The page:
About this Course
A few years ago, a brave student stuck a note next to my room number. She turned room 221 into room 221B, as in:
221B Baker St,
Bit cheeky, huh? But here’s the thing. This student’s joke is a brilliant metaphor for what a classroom can be: a place where we solve complex problems by using the tools at our disposal.
Let’s see if we can make this happen.
The purpose of this course is to make you a better communicator. We will closely examine the methods through which great communicators like Shakespeare convey emotion, thought, and action; we will often use their work as inspiration for our own. We will also consider the sort of communication that you will use when you leave high school, be it for university, college, or the workplace.
Whenever possible, I will provide you with choices. This includes what you read, how you analyse what you read, and the format you use to respond to it.
Want to know more? Here is your Day 1 Sheet. You can also find it in the VLE.
How Will You Talk to Each Other?
Let’s try a few Kagan structures. We will use them throughout the semester as needed.
A Little Metacognition…
Next, let’s learn a little bit about you, shall we?
Deductive and Inductive Reasoning
Reasoning usually takes one of two forms: induction or deduction. The process for these two forms of logic looks something like this:
(Usually reduces from the general theory to the specific.)
|General Theory||Specific Case||Conclusion|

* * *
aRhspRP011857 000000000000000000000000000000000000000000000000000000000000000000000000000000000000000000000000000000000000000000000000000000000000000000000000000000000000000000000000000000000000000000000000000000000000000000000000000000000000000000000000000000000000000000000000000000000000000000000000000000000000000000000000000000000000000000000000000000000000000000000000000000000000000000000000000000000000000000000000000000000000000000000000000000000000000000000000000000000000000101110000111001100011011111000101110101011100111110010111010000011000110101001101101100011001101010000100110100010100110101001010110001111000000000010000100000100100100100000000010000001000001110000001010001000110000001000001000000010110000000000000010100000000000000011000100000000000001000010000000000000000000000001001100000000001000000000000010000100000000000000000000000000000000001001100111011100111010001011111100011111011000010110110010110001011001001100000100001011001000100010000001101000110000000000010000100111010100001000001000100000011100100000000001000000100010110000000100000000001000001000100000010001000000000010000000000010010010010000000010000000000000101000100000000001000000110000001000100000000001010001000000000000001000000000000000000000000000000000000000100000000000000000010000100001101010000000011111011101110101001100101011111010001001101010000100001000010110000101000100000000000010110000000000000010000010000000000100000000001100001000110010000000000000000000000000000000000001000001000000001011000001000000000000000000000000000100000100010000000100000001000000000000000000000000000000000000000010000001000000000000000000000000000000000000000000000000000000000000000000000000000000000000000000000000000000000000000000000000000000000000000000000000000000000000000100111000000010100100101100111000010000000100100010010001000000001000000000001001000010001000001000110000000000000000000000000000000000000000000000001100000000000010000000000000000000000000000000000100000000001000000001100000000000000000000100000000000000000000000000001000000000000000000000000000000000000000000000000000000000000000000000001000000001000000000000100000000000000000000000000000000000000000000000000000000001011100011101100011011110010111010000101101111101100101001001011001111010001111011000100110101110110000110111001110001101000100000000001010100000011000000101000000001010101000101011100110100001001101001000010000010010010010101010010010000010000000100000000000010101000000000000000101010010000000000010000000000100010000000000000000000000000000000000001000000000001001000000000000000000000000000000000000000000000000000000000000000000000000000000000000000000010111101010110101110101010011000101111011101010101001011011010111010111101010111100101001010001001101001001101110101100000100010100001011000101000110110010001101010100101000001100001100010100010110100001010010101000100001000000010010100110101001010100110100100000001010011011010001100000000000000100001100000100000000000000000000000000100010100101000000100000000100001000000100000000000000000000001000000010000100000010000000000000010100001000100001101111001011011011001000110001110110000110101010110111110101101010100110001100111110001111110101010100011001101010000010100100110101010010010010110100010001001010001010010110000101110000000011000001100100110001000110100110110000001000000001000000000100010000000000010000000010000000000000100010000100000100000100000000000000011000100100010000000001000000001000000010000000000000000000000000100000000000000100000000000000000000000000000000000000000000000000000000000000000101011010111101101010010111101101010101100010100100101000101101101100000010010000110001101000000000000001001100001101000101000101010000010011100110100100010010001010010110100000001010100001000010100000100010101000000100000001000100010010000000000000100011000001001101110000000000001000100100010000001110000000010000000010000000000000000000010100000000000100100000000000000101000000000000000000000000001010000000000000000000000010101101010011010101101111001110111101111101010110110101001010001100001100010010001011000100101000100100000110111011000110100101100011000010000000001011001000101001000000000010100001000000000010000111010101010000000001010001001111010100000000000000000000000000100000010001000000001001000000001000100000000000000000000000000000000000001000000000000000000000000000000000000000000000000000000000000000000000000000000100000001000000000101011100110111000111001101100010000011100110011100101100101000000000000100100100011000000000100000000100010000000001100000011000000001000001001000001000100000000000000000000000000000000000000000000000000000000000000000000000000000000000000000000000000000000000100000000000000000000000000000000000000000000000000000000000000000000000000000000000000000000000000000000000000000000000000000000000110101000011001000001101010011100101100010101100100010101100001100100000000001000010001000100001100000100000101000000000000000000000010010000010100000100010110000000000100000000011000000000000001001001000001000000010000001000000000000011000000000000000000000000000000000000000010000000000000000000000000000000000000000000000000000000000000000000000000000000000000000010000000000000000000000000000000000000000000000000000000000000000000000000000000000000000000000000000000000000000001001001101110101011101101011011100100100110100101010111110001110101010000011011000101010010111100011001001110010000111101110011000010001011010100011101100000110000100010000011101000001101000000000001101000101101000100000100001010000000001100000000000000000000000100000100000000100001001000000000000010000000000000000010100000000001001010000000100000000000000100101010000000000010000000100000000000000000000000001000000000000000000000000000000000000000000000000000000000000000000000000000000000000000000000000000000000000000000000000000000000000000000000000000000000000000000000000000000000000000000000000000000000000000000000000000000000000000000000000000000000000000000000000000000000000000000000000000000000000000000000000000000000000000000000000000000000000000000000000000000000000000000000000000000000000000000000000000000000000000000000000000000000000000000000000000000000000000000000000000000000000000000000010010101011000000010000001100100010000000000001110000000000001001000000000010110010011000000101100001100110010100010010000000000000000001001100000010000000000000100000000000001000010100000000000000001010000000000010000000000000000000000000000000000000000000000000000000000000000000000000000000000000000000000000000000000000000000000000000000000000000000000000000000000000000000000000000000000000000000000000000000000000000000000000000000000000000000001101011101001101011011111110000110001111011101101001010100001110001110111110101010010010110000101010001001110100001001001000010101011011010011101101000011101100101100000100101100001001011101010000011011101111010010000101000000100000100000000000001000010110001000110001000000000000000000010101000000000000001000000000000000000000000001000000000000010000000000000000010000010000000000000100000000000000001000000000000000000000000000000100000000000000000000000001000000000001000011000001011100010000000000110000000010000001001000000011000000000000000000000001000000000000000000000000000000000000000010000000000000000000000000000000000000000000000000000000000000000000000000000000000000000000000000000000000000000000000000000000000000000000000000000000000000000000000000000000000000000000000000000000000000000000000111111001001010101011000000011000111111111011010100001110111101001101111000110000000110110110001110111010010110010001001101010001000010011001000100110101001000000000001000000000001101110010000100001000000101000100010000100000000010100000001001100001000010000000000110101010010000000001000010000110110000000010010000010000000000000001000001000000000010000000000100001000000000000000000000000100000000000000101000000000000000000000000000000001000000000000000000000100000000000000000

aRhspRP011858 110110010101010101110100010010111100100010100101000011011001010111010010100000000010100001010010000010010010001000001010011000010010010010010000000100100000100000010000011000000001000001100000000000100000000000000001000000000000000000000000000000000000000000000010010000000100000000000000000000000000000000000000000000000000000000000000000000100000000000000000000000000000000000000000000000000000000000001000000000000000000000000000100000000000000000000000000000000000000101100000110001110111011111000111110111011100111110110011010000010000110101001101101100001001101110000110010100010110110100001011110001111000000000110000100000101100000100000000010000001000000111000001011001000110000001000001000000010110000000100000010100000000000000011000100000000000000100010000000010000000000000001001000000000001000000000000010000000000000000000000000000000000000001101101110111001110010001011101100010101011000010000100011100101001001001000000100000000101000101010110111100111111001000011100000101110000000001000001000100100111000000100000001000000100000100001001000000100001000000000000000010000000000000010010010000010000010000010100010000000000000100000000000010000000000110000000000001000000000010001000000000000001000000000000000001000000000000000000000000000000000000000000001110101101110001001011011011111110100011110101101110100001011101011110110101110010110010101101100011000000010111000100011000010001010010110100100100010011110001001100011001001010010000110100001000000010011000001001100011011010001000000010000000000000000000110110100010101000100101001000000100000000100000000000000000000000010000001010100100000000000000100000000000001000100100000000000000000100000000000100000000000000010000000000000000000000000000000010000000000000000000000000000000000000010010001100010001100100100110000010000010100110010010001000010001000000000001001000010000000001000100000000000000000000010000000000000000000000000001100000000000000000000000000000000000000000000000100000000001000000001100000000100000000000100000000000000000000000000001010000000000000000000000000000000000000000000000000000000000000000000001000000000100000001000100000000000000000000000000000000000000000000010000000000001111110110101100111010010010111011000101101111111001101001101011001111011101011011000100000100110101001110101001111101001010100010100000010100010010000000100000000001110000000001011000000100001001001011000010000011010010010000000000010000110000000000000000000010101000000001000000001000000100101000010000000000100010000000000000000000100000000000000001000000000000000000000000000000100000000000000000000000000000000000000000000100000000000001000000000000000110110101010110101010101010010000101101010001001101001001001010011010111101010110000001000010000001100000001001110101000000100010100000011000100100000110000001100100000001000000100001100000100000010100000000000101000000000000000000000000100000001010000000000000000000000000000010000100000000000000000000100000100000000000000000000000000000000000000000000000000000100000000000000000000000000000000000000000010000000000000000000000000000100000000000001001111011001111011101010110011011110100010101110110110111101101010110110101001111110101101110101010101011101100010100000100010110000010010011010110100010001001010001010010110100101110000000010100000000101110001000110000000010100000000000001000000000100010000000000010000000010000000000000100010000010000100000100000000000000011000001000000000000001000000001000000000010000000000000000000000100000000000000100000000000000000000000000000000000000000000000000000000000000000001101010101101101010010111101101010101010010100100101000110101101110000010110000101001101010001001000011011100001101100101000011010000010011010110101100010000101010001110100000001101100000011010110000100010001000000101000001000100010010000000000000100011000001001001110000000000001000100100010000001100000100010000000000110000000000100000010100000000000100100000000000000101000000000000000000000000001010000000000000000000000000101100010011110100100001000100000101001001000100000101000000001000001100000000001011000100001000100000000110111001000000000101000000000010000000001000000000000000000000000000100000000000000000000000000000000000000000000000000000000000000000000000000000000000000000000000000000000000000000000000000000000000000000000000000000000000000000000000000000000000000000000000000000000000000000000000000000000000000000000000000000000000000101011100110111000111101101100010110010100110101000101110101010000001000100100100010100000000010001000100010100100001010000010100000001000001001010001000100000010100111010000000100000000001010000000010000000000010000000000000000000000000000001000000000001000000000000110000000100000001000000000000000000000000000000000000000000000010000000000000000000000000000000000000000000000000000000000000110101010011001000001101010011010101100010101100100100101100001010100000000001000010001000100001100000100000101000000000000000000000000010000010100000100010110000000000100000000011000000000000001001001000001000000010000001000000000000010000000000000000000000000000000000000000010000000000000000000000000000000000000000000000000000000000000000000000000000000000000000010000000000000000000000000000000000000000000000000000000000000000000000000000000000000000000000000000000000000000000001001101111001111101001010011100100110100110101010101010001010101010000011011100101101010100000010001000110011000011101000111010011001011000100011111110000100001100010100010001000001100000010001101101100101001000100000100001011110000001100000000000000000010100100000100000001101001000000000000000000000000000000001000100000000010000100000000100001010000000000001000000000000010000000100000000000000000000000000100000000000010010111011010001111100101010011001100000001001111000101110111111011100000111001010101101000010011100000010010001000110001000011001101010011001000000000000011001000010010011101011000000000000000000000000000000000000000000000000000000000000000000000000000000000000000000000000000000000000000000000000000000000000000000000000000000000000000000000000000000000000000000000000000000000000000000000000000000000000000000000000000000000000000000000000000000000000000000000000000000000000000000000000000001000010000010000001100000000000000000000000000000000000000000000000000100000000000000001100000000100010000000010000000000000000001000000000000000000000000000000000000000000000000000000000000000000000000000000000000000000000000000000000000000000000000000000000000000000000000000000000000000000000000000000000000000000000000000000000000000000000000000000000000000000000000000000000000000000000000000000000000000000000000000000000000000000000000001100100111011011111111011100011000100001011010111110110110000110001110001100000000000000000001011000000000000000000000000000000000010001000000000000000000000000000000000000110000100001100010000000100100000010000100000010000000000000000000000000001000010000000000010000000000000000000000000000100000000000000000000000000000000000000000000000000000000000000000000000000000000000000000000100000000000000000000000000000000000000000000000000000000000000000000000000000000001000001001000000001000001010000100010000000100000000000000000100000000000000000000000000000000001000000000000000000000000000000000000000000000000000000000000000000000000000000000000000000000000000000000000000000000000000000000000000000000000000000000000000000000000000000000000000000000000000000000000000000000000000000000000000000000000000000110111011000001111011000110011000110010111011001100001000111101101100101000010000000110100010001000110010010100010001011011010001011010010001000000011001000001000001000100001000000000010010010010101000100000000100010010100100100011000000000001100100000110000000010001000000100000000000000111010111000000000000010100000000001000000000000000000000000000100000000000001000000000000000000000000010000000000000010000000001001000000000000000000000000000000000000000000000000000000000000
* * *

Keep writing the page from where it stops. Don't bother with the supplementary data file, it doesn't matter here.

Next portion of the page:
|Education is an important component of success.||You want to succeed.||You should get an education.|
(Induction starts with observation and results in a general principle)
|All Grade 9 students in my homeroom were in uniform on the first day of school.||All Grade 9 students observed throughout the school were in uniform, while senior students were not.||Grade nine students were in uniform because they were proud of their new clothes; because the senior students’ uniforms were old, seniors felt uncomfortable wearing them.||After further investigation, we have come to the following: Compliance to the school uniform is based on students’ perception of rules and the consequences for breaking them.|
FAULTY DEDUCTION….but why?
|Christianity holds that three equals one||Three does not equal one.||Christianity is false.|
|There is an equal chance of the ball landing on red or black at the roulette table||The last five spins have all landed on black.||I’m betting on red because that odds of that streak continuing are really low.|
FAULTY INDUCTION….but why?
|My daughters have pink clothes and pink toys.||Most young girls have pink clothes and pink toys; boys, however, don’t.||Most girls like pink.||After numerous observations, we have come to the following theory: interest in colour is determined at the chromosomal level.|
Complete the following with a partner. Both partners must write the responses:
- Write one example for each of the following: deduction, induction, faulty deduction, and faulty induction.
- Choose one subject you have studied repeatedly. Given the nature of the assignments you’ve completed in that subject, which form of reasoning does that subject rely on the most?
Tonight, please read The Closing of The American Mind on page 325 of your text or an article of your choice from the Atlantic, the Economist, the Guardian, the Wall Street Journal, the Walrus, or the New York Times. By Thursday, you need to write a 1 page response in which you:
- Identify and explain one example of the author’s reasoning (consider mapping out the reasoning using the structure outlined above).
- Agree or disagree with the writer’s reasoning (if you disagree, try pointing the error in the reasoning itself)
- Provide detailed examples that support your view of the writer’s work.
This will also help me identify the strengths of your writing. You will submit your work to the folder in the VLE called Identifying a Writer’s Logic. I will respond to your work by Monday.